Women make up a quarter of UI College of Engineering's freshman class

Women make up a quarter of UI College of Engineering's freshman class

URBANA — Women will make up about 25 percent of the freshman class at the University of Illinois College of Engineering this year, a new high.

The exact numbers won't be official until the campus releases 10-day enrollment figures in a couple of weeks. But Kevin Pitts, associate dean of undergraduate programs, said the college estimates that a quarter of its roughly 1,500 freshmen are female.

"That's up significantly from where we've been in the past. It's a record freshman class," Pitts said Friday.

Last year, women made up 19 percent of engineering freshmen, or about 312 students. The college's previous high was in 2014, at 22 percent.

The number includes women in physics, computer science, bioengineering and more traditional engineering fields.

"I don't think it's an anomaly. Of course, time will tell," said Pitts, a physics professor.

"There's been a real effort over many years to kind of change the mindset" of young women — and others — that science and engineering "isn't just for boys," he said.

National efforts such as "Girls Who Code," as well as College of Engineering summer camps for middle school and high school girls, have made a dent, he said, spurring interest in science, math, engineering and technology fields (also known as STEM).

The college has also tried to be proactive in providing academic support for women in engineering because they're "still in the minority."

"As excited as we are about having 25 percent in our freshman class, it doesn't take too long to think you have a long way to go to get to parity," Pitts said.

While the college doesn't have to have a 50-50 split, he said, "what I want is equal opportunity." With the numbers still rising, the college isn't there yet, he said.

"Not everybody needs to be an engineer. Not everybody needs to be a scientist," Pitts said. "But what we do know is that some of the gender-specific biases and stereotypes, studies show that those get baked in at pretty young ages."

It's important for girls in sixth, seventh and eighth grade to have "real-life role models" who can show them that it's possible for them to have a STEM career, he said.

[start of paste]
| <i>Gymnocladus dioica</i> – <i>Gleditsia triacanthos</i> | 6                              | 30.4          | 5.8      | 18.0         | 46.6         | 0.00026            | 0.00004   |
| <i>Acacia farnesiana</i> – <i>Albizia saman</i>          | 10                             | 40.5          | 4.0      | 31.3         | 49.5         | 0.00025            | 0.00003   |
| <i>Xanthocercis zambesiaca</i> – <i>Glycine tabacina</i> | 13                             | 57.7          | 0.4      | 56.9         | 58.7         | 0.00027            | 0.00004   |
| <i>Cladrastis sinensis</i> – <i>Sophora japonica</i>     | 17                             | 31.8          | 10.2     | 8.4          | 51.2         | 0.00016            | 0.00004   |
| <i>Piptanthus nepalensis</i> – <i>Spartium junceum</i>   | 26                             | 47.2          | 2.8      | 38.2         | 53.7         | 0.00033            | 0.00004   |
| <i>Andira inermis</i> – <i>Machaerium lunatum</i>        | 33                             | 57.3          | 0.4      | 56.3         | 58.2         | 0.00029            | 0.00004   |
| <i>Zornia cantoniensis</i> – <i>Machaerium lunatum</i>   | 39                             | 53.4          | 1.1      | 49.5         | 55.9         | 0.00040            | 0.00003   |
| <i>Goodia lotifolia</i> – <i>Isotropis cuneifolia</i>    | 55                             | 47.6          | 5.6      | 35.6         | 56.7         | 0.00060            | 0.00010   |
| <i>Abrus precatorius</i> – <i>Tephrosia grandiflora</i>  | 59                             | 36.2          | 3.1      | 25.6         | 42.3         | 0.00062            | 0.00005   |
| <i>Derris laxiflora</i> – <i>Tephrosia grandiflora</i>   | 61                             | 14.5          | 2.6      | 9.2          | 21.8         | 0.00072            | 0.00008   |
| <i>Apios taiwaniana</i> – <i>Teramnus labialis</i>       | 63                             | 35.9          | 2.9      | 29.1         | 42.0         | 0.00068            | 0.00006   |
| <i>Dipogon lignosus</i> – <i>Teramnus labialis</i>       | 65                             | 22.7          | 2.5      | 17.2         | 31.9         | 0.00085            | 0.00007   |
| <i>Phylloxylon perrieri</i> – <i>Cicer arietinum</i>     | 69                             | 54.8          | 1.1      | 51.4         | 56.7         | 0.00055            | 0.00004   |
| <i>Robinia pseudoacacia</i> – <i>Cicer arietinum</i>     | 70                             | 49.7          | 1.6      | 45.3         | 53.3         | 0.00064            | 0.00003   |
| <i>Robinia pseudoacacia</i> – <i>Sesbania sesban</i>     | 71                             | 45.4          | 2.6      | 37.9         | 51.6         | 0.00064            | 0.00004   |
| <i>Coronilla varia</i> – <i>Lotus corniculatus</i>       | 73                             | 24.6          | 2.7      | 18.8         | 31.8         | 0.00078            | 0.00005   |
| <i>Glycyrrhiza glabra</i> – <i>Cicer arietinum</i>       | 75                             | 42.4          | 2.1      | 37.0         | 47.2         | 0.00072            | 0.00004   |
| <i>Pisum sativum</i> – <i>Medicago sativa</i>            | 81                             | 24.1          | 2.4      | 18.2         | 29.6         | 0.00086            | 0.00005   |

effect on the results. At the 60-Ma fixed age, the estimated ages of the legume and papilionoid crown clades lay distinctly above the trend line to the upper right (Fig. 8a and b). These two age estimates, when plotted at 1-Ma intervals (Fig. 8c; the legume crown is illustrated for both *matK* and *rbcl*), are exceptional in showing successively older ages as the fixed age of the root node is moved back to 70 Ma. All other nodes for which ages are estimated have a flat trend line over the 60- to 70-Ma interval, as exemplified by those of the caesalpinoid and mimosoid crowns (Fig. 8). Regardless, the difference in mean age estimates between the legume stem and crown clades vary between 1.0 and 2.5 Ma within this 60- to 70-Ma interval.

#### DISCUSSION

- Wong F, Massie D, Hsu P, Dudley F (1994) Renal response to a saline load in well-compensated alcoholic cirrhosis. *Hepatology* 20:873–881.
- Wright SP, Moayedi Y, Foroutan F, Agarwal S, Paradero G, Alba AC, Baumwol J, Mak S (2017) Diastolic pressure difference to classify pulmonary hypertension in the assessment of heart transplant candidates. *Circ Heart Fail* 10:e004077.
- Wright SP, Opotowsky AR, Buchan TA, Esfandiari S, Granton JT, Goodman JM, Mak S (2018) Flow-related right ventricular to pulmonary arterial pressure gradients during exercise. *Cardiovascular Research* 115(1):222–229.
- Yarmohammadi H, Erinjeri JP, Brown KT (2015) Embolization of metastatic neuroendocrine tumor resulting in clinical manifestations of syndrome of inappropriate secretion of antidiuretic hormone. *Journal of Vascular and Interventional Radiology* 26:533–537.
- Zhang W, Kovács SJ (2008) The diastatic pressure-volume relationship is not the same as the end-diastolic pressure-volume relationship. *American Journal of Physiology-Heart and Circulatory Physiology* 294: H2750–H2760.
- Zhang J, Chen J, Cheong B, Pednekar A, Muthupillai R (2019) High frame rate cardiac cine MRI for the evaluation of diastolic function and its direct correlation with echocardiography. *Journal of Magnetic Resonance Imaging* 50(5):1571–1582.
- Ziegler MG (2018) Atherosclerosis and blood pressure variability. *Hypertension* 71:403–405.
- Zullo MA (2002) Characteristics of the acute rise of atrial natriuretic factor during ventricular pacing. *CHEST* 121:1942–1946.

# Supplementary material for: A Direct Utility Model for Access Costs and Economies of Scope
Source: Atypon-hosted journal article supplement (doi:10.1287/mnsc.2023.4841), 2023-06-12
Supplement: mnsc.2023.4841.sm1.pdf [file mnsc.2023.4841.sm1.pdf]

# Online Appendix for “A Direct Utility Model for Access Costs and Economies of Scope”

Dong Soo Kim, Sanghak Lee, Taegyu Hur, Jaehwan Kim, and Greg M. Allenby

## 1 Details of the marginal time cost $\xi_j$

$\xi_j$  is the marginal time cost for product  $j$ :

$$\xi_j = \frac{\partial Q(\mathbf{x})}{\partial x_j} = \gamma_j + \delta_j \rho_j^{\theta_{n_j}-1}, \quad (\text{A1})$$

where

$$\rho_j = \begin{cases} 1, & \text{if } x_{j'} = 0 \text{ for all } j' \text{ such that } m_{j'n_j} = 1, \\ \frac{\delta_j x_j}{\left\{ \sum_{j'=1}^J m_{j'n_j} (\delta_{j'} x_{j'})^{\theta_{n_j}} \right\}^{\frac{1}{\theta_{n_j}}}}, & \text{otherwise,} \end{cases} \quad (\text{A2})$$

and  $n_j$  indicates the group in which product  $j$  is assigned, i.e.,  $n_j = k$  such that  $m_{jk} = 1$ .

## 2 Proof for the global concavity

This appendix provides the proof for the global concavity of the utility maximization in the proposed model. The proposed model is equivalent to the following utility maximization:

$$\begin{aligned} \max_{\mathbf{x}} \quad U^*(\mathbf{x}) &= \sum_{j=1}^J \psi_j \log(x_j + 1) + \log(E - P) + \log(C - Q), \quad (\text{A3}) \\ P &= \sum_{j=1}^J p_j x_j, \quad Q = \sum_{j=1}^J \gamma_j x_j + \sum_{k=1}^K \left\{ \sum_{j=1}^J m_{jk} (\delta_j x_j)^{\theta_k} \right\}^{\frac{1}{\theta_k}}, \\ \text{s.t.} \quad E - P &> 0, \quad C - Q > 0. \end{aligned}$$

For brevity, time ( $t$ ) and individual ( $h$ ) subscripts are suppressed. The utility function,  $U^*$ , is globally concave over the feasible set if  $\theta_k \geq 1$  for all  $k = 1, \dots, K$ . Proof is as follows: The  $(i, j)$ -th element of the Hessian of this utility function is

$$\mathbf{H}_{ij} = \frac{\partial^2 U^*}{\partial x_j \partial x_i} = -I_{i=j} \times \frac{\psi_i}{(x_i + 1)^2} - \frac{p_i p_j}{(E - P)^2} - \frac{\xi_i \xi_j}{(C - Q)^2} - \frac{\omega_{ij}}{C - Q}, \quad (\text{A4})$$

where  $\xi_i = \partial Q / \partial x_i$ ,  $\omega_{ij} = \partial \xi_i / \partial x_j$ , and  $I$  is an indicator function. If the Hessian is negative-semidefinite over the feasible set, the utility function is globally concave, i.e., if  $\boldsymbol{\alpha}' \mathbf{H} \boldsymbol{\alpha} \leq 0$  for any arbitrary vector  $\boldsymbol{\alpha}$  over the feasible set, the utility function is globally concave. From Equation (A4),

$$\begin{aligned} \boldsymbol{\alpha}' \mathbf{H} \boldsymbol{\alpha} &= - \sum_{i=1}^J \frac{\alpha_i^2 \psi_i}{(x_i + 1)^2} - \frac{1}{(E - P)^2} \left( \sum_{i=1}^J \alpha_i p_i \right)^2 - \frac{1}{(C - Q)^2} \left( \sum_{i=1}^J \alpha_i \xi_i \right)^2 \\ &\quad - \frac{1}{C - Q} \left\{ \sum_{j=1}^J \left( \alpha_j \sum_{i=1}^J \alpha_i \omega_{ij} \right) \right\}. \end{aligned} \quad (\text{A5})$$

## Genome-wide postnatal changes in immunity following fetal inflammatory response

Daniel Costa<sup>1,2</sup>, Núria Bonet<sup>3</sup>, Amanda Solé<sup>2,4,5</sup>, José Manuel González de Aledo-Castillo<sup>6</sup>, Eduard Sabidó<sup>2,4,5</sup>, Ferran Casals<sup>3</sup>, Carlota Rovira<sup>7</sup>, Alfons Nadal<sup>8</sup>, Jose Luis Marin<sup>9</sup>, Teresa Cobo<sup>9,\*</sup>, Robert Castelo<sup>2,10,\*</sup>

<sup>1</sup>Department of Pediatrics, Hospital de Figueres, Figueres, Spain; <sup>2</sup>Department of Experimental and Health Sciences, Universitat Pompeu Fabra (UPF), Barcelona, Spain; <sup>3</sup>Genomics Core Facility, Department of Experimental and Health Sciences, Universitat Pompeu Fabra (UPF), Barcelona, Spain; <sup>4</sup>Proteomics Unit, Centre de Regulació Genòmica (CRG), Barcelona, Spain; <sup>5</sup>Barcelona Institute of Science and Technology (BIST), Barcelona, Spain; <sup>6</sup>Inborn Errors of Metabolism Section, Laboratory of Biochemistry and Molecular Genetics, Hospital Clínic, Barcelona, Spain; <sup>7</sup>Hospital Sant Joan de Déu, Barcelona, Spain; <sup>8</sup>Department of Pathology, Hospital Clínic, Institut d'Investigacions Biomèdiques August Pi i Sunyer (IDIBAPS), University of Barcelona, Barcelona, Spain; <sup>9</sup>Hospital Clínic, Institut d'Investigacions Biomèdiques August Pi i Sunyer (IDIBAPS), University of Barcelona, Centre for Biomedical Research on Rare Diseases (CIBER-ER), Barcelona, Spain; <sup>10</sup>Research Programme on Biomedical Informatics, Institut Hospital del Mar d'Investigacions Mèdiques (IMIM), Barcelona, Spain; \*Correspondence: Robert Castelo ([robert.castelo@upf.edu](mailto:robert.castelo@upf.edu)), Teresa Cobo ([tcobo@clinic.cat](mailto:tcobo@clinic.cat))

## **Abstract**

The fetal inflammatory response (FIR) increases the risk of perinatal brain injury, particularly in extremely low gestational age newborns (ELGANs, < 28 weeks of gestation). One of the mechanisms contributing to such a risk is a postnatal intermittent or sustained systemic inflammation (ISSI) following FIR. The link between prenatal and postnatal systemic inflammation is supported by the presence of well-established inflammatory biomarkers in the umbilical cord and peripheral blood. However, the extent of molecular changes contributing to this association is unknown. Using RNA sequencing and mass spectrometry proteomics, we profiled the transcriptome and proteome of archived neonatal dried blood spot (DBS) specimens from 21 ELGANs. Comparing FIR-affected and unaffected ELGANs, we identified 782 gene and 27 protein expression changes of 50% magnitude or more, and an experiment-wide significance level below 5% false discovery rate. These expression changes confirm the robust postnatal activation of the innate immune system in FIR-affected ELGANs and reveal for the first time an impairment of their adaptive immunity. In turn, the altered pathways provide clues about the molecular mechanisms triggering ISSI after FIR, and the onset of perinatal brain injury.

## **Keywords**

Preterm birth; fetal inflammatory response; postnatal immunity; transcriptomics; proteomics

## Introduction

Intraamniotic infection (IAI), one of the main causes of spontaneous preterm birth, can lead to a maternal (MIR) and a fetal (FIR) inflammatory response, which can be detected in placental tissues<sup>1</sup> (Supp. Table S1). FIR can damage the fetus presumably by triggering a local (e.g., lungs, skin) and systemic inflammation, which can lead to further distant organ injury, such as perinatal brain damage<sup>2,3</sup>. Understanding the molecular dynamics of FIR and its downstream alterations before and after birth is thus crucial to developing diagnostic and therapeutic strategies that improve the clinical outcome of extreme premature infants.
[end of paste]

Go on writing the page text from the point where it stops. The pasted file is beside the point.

"If they choose not to, more power to them. We just don't want them to feel like 'That's not for me because it's all boys,'" Pitts said.

One area that's shown a significant uptick is computer science, which Pitts credited to computer-coding camps as well as the popularity of Minecraft and other video games.

Bioengineering is also a popular choice. Life sciences fields in general have always had higher numbers of female students than the physical sciences, especially pre-med majors such as biology, he said.

In the College of Liberal Arts and Sciences, the number of women has risen for three consecutive years in four STEM departments — biology (from 274 in fall 2014 to 325 this year), math (from 64 to 81), statistics (from nine to 24) and chemical engineering, which is in LAS (from 40 to 51).

Kayla Mack, a freshman in engineering from the south Chicago suburb of Lansing, isn't sure what area she's going to specialize in yet. She's always liked science, and "I definitely love math," but she wasn't interested in being a doctor or a teacher. Her cousin studied engineering at Stanford and suggested she give it a try.

"Out of all the schools that I was accepted to, I just felt that U of I was the best choice," she said.

Mack said it's important for female engineering students to have role models because it can be intimidating to be one of a few women in the class.

The orientation session last week was "a great experience," connecting her with other female students and faculty members.

"I learned that I had amazing advisers who will always be there to help me if I have a question about anything. It was very reassuring and it made me feel more confident, especially about studying engineering," she said.

Pitts said the goal is to build community among the young women and "help them get off to a good start, let them know there are people on campus to help them learn how to succeed."

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Sancho Panza wrote on August 22, 2016 at 7:08 am

Maize and blue shirts to welcome these ladies to Illinois seems like an odd marketing choice.

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